CRIN will also fill a gap often overlooked, she said, with financial leaders and a venture capital role. “What we have learned from the various organizations is that one of the components that is missing is the financial part, and so we have brought a financial voice to CRIN as well.
“We want to make sure CRIN has that component of, depending on where you are at in the development stage, that people are aware of that work with the opportunity for the right financial vehicle to come in at the right time. Because on that road to commercialization, [CRIN must have] the ability to be there for the right technology at the right time.”
It is hoped CRIN will rapidly speed time to commercialization that, in the oil and gas industry, typically takes decades from idea to development, piloting and in field use. But the industry must play a role, Romero said, and be open to collaboration.
“This is a network. Networks work because of trust. Collaboration is everything,” she said. “What does it take to belong to CRIN? What we will ask you is that we actually have a social contract, basically trust, that we would like you to sign to join. Basically what it is going to say is, we respect the principles of CRIN, we can buy into those, and we are going to collaborate, to look for opportunities to the best degree you can given where you play.”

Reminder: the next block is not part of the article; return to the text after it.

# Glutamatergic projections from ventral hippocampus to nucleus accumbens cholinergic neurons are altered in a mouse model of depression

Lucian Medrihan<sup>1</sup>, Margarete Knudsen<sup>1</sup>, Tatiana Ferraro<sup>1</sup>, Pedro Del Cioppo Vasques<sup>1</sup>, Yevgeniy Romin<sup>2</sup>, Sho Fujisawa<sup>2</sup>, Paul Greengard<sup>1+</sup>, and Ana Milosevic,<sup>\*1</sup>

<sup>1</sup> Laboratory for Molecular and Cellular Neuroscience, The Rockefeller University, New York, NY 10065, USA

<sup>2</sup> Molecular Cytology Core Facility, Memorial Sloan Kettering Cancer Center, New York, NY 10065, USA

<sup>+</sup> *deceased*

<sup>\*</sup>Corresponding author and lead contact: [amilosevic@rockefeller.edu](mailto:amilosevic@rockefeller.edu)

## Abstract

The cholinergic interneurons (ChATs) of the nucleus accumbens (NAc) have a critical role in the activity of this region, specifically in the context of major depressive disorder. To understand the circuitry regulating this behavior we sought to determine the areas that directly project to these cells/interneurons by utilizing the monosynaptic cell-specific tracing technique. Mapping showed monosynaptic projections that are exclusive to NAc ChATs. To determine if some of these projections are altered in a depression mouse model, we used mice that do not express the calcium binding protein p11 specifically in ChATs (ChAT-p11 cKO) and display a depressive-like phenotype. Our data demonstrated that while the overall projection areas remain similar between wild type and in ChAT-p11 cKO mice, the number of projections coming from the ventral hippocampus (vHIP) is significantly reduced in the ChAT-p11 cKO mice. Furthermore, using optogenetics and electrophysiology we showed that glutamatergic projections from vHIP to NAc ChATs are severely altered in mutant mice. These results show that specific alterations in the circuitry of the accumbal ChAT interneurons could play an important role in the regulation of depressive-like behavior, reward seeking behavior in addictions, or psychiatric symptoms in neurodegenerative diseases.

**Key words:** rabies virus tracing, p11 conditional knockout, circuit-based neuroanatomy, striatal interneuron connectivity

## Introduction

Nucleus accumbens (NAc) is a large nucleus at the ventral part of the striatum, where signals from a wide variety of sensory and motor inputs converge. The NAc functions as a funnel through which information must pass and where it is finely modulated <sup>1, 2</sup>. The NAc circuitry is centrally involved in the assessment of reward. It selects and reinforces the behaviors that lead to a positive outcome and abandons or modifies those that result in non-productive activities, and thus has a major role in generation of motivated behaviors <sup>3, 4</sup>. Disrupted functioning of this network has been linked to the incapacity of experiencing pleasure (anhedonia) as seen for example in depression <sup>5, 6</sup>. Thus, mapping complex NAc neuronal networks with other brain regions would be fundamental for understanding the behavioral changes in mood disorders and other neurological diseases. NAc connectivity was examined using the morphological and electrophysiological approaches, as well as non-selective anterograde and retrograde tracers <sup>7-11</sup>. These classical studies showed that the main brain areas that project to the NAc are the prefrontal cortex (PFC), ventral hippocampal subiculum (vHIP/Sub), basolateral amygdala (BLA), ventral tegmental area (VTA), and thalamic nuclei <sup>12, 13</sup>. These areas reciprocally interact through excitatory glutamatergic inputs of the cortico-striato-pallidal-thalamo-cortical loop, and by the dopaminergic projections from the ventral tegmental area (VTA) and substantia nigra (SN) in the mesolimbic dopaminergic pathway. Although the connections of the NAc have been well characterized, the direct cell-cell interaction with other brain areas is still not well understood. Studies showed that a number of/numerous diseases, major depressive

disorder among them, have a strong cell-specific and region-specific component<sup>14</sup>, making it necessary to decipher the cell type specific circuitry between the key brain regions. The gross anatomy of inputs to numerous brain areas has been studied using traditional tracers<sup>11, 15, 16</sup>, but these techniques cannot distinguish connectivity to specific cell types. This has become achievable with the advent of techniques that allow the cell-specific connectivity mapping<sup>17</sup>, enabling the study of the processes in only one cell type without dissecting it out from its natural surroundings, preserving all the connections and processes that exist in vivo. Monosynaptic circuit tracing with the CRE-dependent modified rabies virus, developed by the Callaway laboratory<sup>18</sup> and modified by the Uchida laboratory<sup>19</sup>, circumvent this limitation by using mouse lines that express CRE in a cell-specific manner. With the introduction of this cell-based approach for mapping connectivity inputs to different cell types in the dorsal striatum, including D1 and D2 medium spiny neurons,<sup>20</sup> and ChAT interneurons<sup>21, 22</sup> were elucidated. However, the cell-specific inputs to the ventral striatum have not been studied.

To survive and prosper, the industry needs to be open to change and do things differently, she emphasized. “Because if we don’t do something different, I don’t like that outcome — for the future of the country, or for the future of my family. And I definitely don’t think we should be stranding resources inside of this province. But we have a window to make a difference, and that window is now.”
By: Maurice Smith
See the full article: Daily Oil Bulletin